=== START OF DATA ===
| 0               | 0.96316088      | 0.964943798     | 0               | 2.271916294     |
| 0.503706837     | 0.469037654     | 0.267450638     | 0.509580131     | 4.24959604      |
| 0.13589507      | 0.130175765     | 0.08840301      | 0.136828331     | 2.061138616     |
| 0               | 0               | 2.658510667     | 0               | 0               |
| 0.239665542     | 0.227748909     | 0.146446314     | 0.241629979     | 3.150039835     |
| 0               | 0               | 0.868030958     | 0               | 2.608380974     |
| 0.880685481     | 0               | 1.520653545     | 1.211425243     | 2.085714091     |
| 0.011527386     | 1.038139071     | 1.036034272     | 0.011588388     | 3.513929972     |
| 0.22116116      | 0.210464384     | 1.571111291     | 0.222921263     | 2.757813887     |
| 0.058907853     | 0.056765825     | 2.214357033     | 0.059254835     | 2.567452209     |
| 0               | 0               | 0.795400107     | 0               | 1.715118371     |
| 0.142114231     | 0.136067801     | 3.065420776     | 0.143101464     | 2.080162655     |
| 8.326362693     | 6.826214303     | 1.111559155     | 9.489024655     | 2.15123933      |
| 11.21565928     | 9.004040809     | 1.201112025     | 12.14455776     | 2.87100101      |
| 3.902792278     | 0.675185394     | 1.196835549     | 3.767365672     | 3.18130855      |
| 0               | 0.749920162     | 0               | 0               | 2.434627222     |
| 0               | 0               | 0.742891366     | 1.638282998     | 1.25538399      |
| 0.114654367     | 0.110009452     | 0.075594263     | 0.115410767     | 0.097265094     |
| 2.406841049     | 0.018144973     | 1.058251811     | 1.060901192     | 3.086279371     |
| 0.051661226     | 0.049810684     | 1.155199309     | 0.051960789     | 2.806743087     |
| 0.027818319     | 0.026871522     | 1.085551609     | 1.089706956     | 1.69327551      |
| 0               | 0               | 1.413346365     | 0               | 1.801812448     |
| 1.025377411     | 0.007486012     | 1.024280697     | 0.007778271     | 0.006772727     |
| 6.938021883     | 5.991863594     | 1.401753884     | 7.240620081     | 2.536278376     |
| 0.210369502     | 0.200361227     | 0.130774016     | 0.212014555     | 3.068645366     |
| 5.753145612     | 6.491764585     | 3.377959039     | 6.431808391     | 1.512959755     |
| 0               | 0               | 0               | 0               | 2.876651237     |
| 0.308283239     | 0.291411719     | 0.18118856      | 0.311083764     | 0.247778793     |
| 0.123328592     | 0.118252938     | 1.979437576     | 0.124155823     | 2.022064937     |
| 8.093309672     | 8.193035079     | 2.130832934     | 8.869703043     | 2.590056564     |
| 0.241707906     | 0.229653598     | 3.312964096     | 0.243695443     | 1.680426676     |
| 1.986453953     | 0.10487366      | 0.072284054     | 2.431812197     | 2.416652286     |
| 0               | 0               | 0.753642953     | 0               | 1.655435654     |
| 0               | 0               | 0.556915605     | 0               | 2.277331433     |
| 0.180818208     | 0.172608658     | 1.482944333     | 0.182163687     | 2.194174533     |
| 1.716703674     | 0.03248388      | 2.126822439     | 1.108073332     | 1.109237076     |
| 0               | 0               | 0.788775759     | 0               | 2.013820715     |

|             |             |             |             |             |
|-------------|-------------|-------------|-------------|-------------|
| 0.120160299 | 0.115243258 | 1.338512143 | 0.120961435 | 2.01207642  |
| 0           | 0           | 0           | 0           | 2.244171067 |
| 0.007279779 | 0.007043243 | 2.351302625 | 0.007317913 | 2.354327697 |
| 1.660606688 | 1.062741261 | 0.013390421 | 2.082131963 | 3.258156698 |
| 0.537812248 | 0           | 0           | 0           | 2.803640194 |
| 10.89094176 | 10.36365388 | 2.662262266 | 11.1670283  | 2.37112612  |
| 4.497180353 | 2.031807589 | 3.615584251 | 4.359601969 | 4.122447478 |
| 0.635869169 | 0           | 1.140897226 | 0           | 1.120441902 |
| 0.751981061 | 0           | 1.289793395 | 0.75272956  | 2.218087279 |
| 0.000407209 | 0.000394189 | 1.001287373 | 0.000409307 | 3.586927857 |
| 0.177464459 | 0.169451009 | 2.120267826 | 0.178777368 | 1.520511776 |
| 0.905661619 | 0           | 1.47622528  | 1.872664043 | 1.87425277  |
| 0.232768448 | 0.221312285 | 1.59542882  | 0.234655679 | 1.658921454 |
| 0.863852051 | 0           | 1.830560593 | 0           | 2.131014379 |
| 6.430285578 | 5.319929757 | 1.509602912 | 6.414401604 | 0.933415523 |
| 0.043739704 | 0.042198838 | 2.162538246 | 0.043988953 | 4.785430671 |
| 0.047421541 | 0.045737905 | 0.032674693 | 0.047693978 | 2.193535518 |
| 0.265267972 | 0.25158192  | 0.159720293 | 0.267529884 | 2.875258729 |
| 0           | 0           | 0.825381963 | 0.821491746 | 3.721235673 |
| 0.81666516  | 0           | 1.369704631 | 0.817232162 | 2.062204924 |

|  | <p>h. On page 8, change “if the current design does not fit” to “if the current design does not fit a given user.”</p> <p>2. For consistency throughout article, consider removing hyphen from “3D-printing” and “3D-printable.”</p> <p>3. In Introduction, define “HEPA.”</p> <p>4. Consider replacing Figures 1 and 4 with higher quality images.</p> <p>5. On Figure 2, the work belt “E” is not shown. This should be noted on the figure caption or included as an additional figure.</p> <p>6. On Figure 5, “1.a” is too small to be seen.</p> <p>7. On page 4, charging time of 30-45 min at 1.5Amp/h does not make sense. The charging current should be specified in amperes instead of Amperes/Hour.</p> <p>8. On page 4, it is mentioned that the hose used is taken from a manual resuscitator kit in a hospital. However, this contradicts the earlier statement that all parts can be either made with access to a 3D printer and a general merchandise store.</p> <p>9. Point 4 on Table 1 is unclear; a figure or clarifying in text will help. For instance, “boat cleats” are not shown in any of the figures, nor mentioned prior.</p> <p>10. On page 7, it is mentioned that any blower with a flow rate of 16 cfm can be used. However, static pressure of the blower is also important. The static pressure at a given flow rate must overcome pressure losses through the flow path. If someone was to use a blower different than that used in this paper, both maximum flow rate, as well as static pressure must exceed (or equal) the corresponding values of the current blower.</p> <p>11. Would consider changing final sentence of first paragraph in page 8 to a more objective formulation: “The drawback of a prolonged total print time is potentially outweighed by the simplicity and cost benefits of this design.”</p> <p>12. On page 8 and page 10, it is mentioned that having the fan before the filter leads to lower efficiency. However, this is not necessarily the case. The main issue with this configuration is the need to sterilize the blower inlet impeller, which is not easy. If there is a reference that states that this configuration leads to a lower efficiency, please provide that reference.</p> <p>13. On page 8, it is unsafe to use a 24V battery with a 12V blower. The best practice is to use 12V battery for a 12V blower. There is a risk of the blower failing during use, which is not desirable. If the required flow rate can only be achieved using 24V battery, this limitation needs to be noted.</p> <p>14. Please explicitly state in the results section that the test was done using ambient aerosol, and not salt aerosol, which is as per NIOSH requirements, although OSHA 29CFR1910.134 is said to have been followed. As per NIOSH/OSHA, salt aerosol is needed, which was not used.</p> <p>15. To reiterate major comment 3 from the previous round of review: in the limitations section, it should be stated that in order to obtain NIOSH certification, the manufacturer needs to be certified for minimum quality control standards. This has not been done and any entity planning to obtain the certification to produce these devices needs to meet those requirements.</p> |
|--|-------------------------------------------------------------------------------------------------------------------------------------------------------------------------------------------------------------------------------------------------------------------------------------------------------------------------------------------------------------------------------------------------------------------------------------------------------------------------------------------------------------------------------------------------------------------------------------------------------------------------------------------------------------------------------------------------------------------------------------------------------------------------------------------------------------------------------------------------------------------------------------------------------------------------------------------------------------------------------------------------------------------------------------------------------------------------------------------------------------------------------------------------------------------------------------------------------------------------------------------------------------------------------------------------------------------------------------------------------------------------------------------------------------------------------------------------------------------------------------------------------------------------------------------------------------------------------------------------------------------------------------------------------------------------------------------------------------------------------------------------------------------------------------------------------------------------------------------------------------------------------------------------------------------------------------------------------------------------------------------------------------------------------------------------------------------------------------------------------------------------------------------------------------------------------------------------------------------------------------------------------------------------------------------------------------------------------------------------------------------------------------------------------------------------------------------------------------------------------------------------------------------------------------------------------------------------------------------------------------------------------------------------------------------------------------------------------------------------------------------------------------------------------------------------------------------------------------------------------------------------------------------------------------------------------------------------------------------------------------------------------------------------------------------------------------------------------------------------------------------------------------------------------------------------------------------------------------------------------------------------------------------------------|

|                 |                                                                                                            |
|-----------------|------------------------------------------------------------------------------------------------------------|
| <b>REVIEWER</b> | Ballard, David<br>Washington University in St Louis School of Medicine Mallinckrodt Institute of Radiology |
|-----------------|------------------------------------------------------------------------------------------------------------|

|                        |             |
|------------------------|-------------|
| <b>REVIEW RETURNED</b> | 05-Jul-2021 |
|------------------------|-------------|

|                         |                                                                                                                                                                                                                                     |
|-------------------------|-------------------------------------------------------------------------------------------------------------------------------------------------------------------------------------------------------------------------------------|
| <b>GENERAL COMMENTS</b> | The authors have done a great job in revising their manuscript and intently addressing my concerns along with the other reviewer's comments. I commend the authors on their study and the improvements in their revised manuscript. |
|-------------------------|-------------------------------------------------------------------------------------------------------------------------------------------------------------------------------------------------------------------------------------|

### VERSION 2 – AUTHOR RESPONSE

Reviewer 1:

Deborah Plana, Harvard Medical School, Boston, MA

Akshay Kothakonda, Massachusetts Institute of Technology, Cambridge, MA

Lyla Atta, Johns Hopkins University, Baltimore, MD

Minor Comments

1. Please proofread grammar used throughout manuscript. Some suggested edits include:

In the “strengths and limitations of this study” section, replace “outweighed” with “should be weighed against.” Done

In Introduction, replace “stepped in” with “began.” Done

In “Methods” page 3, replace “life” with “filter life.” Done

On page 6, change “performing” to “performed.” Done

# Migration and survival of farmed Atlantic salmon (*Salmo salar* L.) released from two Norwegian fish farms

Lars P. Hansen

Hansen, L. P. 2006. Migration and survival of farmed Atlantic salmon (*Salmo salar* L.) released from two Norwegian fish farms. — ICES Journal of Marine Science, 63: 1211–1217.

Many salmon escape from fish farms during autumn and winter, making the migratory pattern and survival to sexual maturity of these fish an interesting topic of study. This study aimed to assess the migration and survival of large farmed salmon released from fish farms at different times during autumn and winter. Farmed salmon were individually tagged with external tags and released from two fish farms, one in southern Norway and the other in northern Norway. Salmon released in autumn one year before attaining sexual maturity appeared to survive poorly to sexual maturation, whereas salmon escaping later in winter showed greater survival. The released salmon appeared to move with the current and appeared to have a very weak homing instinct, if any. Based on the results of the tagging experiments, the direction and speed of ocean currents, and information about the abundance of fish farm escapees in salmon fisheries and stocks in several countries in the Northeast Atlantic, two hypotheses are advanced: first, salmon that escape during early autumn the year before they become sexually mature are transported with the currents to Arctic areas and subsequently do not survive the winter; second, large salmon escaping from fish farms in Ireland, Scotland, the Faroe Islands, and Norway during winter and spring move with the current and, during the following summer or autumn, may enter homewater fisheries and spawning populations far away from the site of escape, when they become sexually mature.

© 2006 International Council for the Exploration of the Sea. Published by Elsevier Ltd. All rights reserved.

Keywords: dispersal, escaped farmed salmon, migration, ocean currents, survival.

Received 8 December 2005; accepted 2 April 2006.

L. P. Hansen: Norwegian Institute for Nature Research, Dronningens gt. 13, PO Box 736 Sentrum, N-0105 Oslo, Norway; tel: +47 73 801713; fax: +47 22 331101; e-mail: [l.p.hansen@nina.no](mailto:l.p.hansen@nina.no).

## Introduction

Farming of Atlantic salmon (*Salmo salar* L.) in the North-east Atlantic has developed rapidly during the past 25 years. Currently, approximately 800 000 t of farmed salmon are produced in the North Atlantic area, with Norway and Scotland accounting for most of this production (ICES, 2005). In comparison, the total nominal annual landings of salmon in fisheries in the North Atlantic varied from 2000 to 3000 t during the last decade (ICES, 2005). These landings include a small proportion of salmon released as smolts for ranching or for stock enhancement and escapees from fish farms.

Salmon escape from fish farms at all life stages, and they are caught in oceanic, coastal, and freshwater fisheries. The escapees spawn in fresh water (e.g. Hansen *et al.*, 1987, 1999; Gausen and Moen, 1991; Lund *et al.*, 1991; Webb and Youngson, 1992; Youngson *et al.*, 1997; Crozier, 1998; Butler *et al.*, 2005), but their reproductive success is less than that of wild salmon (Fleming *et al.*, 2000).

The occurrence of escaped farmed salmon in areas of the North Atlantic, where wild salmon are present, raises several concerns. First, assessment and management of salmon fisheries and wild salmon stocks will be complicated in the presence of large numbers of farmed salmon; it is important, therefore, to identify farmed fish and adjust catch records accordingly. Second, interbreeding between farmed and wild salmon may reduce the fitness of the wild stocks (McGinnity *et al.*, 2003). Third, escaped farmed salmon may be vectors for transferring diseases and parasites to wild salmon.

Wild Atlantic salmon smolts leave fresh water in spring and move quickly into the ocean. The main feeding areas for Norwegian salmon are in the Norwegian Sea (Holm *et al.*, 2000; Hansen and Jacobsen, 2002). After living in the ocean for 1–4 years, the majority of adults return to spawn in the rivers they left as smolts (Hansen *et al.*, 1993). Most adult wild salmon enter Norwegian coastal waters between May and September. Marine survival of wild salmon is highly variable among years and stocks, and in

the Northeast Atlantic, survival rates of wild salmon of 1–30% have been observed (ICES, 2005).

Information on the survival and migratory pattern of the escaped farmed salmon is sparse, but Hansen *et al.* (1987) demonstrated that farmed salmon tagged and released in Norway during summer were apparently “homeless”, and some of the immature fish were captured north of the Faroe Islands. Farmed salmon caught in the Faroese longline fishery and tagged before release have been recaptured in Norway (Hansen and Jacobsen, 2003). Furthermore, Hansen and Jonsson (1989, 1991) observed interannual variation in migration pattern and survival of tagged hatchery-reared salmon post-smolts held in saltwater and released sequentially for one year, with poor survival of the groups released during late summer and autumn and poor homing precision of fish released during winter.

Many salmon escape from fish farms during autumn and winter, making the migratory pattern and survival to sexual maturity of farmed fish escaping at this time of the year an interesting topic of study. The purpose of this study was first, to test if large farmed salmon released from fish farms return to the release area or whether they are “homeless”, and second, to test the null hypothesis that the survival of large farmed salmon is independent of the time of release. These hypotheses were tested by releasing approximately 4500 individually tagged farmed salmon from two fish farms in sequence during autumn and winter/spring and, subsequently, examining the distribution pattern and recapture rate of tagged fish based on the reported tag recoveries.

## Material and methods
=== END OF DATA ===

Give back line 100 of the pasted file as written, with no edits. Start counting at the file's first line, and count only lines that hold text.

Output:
Many salmon escape from fish farms during autumn and winter, making the migratory pattern and survival to sexual maturity of farmed fish escaping at this time of the year an interesting topic of study. The purpose of this study was first, to test if large farmed salmon released from fish farms return to the release area or whether they are “homeless”, and second, to test the null hypothesis that the survival of large farmed salmon is independent of the time of release. These hypotheses were tested by releasing approximately 4500 individually tagged farmed salmon from two fish farms in sequence during autumn and winter/spring and, subsequently, examining the distribution pattern and recapture rate of tagged fish based on the reported tag recoveries.